Social, Emotional & Mental Health

At Brough Primary School we make provision for children with Special Educational Needs and/or Disability within each of the four categories defined in the 2015 SEND Code of Practice (para 6.28 – 6.35):

• Communication and Interaction

• Cognition and Learning

• Social, Emotional and Mental Health

• Sensory and/or Physical

It is not uncommon that children may have SEND that falls into one or more of the above categories.

Social, Emotional, Mental Health (SEMH)

Social, emotional, and mental health needs can manifest in many different ways and can look different for all children. They could find managing their relationships with other people difficult and may display behaviour that can hinder theirs and other’s learning that can negatively impact on their health, well-being and their quality of life. Some children may have disorders such as Attention, Deficit Disorder (ADD), Attention Deficit Hyperactivity Disorder (ADHD), or attachment disorder.

How does Brough Primary School support children with Social, Emotional, Mental Health (SEMH) needs?

Every child is treated as an individual and pastoral arrangements can be made discreetly as required.

Across the school the children use Zones of Regulation (ZOR) which is delivered through our PSHCE curriculum. It develops awareness of feelings, energy and alertness levels, while exploring a variety of tools and strategies for regulation, prosocial skills, self-care and overall wellness.

We have two staff members who are ELSA (Emotional Literacy Support Assistant) trained. They work with individual children on activities tailored to suit their emotional need and work closely with parents to provide support.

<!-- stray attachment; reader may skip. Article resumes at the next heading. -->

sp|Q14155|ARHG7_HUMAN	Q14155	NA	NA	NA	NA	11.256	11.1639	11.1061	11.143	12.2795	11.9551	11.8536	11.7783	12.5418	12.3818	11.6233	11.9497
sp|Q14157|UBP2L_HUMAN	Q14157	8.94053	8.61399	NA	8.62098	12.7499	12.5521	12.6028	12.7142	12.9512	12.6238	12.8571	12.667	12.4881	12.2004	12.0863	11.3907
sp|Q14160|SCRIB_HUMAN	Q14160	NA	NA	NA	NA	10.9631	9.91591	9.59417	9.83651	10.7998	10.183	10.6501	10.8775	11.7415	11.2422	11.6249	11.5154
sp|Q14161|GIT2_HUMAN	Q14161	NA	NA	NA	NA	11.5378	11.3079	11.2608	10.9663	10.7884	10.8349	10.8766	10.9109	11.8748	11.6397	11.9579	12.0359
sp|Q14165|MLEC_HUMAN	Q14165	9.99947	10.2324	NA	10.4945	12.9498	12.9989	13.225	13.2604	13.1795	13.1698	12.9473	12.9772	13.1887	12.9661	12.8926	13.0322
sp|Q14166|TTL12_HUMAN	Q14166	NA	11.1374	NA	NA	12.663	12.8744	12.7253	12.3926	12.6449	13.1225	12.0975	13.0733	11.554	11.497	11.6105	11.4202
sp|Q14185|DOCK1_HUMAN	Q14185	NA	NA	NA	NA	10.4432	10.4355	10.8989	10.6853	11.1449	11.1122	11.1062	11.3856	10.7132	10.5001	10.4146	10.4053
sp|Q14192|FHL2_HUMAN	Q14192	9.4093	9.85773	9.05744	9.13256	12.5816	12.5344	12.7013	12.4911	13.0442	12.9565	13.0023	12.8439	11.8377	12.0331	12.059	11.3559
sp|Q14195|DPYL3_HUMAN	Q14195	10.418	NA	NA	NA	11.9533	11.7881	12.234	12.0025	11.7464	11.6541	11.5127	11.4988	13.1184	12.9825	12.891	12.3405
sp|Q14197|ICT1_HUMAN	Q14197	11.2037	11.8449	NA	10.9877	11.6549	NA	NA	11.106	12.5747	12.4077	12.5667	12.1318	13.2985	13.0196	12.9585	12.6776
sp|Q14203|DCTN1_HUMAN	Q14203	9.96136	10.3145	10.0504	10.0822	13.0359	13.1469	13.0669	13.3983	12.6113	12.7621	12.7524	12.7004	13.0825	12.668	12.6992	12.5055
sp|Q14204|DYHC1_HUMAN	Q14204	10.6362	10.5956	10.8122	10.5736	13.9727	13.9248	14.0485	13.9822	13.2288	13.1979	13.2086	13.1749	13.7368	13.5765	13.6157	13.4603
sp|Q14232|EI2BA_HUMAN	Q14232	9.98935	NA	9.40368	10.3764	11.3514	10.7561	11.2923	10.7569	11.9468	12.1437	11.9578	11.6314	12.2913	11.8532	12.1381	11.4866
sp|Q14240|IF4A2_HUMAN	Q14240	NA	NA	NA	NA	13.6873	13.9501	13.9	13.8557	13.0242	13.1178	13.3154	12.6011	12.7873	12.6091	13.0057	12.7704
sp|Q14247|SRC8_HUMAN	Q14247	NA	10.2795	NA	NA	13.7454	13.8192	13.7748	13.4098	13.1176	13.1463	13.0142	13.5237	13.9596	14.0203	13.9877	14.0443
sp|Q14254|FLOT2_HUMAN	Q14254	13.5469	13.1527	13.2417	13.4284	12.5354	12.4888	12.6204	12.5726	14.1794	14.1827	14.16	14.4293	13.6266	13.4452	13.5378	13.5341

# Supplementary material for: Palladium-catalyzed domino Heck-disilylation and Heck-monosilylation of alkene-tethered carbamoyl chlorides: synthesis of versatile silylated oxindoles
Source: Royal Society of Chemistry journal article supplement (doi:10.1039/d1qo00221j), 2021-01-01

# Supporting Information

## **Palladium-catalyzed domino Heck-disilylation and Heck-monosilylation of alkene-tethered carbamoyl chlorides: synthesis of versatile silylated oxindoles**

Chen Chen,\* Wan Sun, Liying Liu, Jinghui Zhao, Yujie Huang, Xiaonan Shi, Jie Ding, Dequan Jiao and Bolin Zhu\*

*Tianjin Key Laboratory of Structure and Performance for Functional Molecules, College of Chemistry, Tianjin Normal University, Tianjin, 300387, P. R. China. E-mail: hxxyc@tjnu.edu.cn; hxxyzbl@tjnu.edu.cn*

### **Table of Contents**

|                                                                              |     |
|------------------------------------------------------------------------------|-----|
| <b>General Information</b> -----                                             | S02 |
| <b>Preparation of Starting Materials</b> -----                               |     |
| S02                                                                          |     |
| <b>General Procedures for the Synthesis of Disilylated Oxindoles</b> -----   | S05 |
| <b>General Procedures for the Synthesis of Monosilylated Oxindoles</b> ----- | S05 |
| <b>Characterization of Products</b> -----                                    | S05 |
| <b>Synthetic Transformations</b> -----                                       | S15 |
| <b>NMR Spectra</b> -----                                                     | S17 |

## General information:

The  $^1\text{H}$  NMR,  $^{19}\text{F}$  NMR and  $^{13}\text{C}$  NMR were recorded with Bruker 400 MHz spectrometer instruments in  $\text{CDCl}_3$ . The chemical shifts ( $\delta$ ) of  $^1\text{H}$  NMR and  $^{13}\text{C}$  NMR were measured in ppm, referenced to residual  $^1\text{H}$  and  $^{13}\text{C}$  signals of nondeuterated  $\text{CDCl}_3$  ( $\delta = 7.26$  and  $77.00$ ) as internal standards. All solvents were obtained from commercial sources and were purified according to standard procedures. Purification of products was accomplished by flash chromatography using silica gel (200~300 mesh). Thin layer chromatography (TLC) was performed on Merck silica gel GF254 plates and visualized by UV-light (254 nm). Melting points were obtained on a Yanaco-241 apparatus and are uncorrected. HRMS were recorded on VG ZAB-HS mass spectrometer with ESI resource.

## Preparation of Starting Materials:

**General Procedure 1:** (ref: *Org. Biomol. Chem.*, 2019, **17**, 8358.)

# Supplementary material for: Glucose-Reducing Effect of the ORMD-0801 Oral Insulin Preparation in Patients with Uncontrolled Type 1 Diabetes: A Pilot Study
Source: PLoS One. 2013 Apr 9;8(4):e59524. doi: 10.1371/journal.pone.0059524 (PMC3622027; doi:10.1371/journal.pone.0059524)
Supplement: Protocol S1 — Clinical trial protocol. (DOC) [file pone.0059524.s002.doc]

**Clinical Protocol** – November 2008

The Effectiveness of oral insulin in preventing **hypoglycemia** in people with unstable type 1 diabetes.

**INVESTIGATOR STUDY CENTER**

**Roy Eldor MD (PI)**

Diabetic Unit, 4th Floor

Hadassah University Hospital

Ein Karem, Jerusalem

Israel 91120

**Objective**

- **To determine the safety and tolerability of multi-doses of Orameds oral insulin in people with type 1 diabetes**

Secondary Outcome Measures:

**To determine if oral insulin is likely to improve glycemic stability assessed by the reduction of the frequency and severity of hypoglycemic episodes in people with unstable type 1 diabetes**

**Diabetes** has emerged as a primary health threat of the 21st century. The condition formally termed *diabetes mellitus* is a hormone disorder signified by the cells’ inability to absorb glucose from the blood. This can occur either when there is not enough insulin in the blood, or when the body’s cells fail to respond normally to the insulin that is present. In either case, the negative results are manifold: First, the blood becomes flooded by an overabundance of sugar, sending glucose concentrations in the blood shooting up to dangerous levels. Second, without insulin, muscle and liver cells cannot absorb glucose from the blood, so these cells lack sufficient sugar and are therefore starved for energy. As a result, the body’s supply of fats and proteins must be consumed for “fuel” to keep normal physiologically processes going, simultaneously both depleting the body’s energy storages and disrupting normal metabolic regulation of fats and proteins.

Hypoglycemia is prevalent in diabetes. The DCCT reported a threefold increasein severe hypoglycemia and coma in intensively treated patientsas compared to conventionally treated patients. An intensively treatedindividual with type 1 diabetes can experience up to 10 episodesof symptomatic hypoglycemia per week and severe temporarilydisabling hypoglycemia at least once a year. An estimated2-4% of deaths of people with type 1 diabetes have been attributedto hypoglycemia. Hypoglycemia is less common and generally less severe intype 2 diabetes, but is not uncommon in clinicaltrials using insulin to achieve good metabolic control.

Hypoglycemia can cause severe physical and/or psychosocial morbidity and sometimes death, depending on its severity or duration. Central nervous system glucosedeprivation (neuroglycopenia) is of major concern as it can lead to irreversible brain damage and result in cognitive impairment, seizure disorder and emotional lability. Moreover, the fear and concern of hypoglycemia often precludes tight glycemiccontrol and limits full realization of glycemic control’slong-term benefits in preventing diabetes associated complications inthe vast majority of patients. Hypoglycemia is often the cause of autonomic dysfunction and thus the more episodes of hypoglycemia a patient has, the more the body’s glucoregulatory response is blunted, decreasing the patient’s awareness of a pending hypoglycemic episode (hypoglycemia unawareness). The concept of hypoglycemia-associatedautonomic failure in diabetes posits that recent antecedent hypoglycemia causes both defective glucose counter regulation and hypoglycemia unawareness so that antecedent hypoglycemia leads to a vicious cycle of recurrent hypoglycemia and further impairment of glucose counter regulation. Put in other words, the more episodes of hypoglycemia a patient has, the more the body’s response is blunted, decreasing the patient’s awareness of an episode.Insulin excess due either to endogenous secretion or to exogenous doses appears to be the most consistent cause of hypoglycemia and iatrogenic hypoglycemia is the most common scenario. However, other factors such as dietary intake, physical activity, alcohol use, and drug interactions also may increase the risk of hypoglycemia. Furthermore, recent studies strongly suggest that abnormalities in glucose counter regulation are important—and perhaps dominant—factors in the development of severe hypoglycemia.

At Brough Primary School we have a sensory room and quiet rooms which can be used by all children to develop a variety of skills, but which ultimately enriches the provision for children with sensory impairment such as Autism, ADHD, and EBD.

The rooms have a variety of uses and benefits for all children. They provide relaxation activities, visual, tactile and auditory stimulation through the use of a bubble tubes/ projectors. Language development, anger management, speech therapy, hand/eye co-ordination and gross/fine motor skills can all be developed using the room.

The school closely monitors and analyses both classroom and playground behaviour to ensure that the necessary support is provided where needed. The school runs targeted interventions to help support children develop their behaviour and ensure there is limited interruption to learning. We communicate with parents and outside agencies to ensure a positive learning experience for every child, praising and rewarding good behaviour, which sets a high expectation across the school.

We work closely with our attached Educational Psychologist and the Behaviour Support Team to identify and support children’s learning.

Please refer to out SEN Information report for more information.

Useful websites:

https://youngminds.org.uk

https://www.minded.org.uk/ – This is an online resource for families with specific support in how to talk to your child about key worries.

If you are looking to develop relaxation for your child, have a look at this website: https://www.relaxkids.com/

For advice and support for concerns around bullying, cyberbullying, depression, anxiety and many more, please visit the NSPCC website: https://www.nspcc.org.uk/keeping-children-safe/childrens-mental-health/

Try yoga to help with self-regulation and well-being. Cosmic kids: https://www.cosmickids.com/

Or if you are looking for something a little bit different, have a go at Laughter yoga: https://www.youtube.com/watch?v=wtoXb6_oxck

‘Pupils study a wide range of subjects and have a good range of additional activities to